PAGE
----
0.068

1.16 (0.92, 1.46)

0.222

1.07 (0.80, 1.45)

0.636

0.99 (0.71, 1.37)

0.941

 No TV in the bedroom

1.0

   

1.0

 

1.0

 

 Has a TV in the bedroom

1.23 (0.99, 1.54)

0.063

1.23 (0.98, 1.55)

0.071

1.38 (1.02, 1.86)

0.036

1.20 (0.90, 1.60)

0.216

WHtR waist-to-height ratio

aadjusted for age, sex, socio-economic status, rural/urban residence, cultural background and meeting daily physical activity recommendation

The adjusted logistic regression models for predicting obesity/overweight measured by BMI and abdominal obesity measured by WHtR in children and adolescents are shown in Table 4. Among children, not eating breakfast daily and having a TV in the bedroom were the most significant predictors for both overweight/obesity and abdominal obesity. An additional predictor, not having limits on screen-time was a significant predictor of abdominal obesity in children. For adolescents, in addition to not eating breakfast daily, parenting practices such as rewarding good behavior with sweets and no rules on screen-time were significant predictors of obesity/overweight measured by BMI. For abdominal obesity in adolescents the only significant predictor was not eating breakfast daily.
Table 4

Adjusted logistic regression models for predicting overweight and obesity (BMI) and abdominal obesity (WHtR ≥ 0.5) in children and adolescents

Children

Adolescents

Obesity/overweight (BMI)

AORa (95% CI)

P value

 

AORa (95% CI)

P value

Does not eat breakfast daily

1.36 (1.01–1.71)

0.038

Does not eat breakfast daily

1.42 (1.16–1.74)

0.001

TV in the bedroom

1.52 (1.12–2.08)

0.007

Sweet used as a reward for good behavior

2.36 (1.14–4.84)

0.02

   

No screen time rules

1.25 (1.04–1.50)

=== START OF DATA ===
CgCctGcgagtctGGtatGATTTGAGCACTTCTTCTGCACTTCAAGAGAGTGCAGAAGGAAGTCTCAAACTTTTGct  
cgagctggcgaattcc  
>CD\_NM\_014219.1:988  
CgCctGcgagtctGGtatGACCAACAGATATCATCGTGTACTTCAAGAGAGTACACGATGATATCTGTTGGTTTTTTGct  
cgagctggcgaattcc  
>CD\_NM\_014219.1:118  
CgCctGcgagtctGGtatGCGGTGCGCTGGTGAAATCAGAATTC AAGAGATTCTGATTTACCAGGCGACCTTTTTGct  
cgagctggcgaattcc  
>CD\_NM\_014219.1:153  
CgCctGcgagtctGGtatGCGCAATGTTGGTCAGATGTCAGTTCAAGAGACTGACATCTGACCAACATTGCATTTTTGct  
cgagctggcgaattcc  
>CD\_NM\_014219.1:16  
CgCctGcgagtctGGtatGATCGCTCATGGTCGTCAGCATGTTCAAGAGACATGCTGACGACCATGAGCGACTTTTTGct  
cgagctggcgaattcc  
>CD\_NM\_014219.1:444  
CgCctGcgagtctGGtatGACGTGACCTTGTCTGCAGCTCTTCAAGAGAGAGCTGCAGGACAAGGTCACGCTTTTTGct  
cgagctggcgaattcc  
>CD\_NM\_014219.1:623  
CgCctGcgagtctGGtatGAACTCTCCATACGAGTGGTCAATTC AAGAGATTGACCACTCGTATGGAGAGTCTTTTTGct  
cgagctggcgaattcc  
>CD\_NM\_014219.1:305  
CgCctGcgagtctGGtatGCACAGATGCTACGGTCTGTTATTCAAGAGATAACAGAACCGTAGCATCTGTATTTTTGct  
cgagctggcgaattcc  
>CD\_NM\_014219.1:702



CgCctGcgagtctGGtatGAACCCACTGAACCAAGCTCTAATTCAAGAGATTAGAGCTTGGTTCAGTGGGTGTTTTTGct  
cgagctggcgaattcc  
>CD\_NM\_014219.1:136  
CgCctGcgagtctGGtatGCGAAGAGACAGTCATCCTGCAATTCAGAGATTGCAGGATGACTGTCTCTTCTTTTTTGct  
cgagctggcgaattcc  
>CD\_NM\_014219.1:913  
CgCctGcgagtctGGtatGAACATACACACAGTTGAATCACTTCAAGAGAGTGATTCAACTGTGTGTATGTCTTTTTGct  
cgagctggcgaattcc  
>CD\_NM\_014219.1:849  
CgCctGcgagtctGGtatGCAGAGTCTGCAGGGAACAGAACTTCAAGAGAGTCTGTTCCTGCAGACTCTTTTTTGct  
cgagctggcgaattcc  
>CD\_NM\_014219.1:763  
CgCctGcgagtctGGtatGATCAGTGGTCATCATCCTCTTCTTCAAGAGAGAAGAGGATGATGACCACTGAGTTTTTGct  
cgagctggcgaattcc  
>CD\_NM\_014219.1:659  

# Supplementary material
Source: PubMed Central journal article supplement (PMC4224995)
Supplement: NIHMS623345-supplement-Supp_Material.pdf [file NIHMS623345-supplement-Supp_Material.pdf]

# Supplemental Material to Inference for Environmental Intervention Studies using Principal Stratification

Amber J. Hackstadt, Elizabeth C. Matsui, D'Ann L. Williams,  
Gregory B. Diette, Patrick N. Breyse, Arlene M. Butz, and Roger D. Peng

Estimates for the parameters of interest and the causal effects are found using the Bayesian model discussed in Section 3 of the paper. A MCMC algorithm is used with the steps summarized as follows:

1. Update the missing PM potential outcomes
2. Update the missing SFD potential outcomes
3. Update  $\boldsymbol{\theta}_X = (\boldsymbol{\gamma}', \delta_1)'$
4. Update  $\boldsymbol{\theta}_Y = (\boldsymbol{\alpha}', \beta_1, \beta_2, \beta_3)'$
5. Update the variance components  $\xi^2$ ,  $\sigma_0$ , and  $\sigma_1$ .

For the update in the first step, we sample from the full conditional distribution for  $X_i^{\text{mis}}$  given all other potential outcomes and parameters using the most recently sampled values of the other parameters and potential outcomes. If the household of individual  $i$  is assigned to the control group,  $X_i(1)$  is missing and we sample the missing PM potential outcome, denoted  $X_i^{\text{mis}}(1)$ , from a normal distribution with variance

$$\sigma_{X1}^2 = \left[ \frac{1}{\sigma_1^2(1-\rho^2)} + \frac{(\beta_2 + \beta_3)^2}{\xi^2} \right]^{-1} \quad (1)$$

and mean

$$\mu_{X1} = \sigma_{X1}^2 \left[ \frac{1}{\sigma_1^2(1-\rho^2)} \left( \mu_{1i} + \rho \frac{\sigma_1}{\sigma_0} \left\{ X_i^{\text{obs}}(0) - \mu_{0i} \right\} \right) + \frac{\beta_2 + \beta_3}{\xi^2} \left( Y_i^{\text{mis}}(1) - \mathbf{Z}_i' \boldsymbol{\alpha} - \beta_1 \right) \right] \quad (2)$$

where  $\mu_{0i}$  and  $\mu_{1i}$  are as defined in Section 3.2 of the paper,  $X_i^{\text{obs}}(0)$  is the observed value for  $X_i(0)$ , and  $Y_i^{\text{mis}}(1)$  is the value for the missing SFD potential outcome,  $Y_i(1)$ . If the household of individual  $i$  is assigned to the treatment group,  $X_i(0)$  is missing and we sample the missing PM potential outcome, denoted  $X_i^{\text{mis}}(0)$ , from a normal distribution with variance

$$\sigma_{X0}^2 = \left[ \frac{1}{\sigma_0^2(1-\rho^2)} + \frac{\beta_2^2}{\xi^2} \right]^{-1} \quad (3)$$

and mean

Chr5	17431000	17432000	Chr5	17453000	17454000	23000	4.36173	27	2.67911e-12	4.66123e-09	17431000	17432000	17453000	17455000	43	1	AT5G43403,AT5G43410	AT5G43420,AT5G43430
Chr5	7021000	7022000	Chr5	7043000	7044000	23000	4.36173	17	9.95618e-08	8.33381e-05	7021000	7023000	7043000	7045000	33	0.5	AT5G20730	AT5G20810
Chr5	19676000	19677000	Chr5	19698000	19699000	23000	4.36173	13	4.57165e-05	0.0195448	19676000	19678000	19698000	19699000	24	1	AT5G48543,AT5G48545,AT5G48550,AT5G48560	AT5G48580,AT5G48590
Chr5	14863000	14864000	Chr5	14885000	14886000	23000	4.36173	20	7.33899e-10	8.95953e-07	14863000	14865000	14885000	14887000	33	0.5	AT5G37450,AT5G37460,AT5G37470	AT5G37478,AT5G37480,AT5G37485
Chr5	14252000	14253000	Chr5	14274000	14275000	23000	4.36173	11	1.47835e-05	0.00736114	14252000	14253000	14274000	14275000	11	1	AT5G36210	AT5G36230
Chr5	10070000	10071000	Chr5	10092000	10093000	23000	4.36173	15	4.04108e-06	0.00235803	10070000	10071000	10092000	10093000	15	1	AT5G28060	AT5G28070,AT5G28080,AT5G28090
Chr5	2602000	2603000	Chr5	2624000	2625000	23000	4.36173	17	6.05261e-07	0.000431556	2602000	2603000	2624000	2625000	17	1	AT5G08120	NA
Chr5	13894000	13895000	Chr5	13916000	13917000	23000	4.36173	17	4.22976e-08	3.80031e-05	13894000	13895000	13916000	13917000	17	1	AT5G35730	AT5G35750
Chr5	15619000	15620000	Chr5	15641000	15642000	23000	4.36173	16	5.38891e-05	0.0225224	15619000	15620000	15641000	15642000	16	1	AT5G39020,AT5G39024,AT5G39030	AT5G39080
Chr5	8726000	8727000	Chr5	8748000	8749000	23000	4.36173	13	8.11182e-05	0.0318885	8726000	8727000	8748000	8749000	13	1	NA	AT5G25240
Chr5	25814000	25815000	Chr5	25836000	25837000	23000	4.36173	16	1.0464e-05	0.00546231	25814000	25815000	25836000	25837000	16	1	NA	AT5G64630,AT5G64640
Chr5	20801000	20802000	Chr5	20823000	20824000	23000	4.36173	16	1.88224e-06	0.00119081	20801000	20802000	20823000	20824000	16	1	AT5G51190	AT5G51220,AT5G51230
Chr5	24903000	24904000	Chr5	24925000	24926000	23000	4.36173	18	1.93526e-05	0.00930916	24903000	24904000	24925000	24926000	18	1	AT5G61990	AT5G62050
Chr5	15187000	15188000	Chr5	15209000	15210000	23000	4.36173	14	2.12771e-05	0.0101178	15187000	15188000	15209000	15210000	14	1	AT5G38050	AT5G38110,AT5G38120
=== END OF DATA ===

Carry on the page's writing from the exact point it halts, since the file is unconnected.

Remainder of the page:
0.01

Abdominal obesity (WHtR ≥ 0.5)

 Does not eat breakfast daily

1.54 (1.06–2.22)

0.021

Does not eat breakfast daily

1.37 (1.09–1.73)

0.007

 No screen time rules

1.66 (1.16–2.38)

0.005

   

 TV in the bedroom

1.75 (1.26–2.43)

0.001

   

WHtR waist-to-height ratio

aadjusted for age, sex, socio-economic status, rural/urban residence, cultural background, meeting daily physical activity recommendation and other variables listed in the model

An analysis of the significant factors was undertaken by socio-demographic sub-groups (data not shown). Children who do not eat breakfast daily were more likely to: be girls, compared with boys (OR 1.27 95% CI: 1.03, 1.57); come from low, compared with high SES neighborhoods (OR 2.82 95% CI: 1.73, 4.60); come from non-English-speaking, compared with English-speaking cultural backgrounds (OR 3.07 95% CI: 2.22, 4.25); and live in urban, compared with rural areas (OR 1.68 95% CI: 1.14, 2.47). Children with TV’s in the bedroom were more likely to come from low (OR 3.39 95% CI: 2.21, 5.20) and middle (OR 2.50 95% CI: 1.59, 3.94), compared with high SES neighborhoods; and girls were less likely to have screen-time rules imposed (OR 0.71 95% CI: 0.51, 0.99), compared with boys.